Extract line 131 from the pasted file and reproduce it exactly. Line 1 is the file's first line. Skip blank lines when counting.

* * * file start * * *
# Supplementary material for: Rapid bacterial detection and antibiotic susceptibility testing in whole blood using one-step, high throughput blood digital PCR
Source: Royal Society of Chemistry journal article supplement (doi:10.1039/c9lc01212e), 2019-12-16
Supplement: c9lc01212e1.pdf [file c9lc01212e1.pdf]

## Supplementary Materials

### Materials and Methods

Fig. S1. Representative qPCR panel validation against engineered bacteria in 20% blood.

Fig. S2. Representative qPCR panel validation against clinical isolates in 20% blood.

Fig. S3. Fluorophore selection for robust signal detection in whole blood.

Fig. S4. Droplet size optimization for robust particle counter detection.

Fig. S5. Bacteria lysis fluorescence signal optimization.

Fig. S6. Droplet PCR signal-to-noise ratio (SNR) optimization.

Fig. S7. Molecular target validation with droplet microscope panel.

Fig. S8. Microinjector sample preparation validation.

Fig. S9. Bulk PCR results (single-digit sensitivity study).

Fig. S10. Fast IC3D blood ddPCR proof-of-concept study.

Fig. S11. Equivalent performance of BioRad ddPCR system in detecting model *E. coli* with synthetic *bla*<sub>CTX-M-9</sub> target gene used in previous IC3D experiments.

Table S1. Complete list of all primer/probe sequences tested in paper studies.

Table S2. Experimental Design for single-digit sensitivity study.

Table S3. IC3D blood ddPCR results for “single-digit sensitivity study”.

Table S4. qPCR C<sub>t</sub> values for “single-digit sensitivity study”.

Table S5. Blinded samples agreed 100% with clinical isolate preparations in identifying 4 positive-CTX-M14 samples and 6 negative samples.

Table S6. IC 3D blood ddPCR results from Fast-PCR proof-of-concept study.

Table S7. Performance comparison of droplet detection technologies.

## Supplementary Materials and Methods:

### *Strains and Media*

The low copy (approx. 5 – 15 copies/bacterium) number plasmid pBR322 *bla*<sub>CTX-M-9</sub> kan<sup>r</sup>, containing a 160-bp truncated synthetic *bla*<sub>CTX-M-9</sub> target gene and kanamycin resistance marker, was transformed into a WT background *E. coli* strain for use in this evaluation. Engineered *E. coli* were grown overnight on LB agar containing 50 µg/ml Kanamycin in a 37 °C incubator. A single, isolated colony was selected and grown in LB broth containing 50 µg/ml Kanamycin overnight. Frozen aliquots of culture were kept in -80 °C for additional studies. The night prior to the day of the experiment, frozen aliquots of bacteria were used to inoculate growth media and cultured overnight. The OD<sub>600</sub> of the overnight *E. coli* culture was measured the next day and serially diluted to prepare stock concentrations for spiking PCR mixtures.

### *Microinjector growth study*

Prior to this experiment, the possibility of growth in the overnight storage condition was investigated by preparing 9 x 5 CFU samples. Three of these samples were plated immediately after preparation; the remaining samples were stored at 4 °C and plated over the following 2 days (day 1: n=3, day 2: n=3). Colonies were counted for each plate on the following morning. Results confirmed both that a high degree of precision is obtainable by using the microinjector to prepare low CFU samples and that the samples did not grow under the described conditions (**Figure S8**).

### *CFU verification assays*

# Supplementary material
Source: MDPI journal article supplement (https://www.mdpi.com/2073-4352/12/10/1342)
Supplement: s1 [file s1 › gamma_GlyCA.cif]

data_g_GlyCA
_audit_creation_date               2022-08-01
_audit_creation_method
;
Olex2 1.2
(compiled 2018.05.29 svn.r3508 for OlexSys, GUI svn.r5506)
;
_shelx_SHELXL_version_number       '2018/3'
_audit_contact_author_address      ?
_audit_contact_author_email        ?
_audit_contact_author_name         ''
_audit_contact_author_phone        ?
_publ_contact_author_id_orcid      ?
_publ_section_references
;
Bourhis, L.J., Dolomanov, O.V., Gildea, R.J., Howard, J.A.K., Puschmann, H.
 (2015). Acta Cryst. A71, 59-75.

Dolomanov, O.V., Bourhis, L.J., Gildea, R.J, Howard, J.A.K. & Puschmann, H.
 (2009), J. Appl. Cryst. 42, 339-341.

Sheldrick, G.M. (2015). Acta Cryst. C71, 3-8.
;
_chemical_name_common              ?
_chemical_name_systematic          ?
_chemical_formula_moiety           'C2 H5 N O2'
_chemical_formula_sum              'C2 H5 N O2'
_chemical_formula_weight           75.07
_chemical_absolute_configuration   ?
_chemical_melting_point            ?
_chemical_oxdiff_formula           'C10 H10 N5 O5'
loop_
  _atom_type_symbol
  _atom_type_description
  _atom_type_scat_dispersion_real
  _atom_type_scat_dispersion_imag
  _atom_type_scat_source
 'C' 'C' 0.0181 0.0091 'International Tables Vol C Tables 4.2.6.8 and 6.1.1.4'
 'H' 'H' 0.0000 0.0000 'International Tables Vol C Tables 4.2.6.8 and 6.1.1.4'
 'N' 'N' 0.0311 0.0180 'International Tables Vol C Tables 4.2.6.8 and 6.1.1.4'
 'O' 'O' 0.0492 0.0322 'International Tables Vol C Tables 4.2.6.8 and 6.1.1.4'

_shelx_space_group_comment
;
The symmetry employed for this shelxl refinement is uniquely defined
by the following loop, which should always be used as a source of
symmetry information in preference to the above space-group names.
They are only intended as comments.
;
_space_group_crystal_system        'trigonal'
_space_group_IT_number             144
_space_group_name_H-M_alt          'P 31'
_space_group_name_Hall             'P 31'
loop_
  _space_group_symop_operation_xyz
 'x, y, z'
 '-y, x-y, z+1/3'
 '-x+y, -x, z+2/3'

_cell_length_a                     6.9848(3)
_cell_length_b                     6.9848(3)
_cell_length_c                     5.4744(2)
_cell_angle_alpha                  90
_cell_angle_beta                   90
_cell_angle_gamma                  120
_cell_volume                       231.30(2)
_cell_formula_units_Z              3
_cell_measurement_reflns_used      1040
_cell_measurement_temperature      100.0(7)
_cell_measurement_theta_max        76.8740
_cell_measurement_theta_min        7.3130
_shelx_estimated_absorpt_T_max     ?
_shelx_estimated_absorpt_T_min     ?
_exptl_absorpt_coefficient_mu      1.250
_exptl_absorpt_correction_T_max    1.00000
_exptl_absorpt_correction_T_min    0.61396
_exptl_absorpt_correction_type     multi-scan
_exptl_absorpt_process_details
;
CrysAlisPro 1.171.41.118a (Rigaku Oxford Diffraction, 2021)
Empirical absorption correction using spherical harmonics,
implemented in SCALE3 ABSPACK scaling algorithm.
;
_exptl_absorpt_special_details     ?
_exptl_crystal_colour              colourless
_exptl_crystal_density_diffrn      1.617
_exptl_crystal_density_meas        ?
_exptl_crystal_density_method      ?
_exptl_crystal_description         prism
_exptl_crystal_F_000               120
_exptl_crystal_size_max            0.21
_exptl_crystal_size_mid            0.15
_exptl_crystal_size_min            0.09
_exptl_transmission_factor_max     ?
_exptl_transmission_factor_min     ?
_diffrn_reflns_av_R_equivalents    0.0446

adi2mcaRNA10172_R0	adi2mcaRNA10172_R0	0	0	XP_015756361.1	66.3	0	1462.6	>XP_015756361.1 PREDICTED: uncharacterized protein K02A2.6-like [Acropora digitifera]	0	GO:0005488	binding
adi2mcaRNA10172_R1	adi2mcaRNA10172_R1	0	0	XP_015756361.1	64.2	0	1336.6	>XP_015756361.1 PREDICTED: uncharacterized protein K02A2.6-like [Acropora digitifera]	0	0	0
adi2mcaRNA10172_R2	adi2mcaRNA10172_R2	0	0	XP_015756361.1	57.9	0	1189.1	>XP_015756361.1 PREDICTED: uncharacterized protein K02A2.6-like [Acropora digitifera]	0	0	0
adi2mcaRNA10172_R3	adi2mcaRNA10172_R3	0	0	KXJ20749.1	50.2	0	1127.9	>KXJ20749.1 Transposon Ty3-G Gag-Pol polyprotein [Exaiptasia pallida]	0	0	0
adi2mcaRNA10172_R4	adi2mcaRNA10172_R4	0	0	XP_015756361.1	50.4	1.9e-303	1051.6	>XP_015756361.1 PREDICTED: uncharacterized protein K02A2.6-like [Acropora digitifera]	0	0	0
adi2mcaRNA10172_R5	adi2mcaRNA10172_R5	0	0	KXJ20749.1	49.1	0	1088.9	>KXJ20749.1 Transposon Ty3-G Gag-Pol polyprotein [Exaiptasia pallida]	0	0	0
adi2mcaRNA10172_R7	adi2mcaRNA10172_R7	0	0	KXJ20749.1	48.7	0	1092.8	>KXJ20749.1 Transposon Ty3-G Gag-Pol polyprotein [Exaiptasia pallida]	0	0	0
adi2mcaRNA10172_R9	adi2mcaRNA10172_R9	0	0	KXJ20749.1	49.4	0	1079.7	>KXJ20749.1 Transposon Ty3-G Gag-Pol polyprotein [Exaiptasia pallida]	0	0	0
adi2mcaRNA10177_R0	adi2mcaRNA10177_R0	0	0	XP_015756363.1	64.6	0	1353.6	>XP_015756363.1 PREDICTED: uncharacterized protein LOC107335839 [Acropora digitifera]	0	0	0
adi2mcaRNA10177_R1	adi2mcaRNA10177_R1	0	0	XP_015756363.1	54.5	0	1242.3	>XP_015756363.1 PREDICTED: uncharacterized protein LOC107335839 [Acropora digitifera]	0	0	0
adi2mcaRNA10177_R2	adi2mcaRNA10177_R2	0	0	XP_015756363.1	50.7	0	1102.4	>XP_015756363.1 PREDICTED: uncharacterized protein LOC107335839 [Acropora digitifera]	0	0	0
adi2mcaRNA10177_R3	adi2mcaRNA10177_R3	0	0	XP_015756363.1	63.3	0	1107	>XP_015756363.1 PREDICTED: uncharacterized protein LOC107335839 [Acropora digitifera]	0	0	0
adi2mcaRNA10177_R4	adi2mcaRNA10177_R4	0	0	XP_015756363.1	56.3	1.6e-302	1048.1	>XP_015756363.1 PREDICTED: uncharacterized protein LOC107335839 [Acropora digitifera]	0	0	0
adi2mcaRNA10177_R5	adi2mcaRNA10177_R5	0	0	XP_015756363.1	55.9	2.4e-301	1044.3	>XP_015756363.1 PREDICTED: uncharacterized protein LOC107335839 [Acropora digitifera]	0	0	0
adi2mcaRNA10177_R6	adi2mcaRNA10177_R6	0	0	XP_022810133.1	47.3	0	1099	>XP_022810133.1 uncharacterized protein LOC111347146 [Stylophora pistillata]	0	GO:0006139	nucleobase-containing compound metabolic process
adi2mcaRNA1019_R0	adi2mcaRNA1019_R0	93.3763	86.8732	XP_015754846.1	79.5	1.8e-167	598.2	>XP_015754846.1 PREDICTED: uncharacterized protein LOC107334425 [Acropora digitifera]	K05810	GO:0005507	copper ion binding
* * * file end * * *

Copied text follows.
adi2mcaRNA10172_R7	adi2mcaRNA10172_R7	0	0	KXJ20749.1	48.7	0	1092.8	>KXJ20749.1 Transposon Ty3-G Gag-Pol polyprotein [Exaiptasia pallida]	0	0	0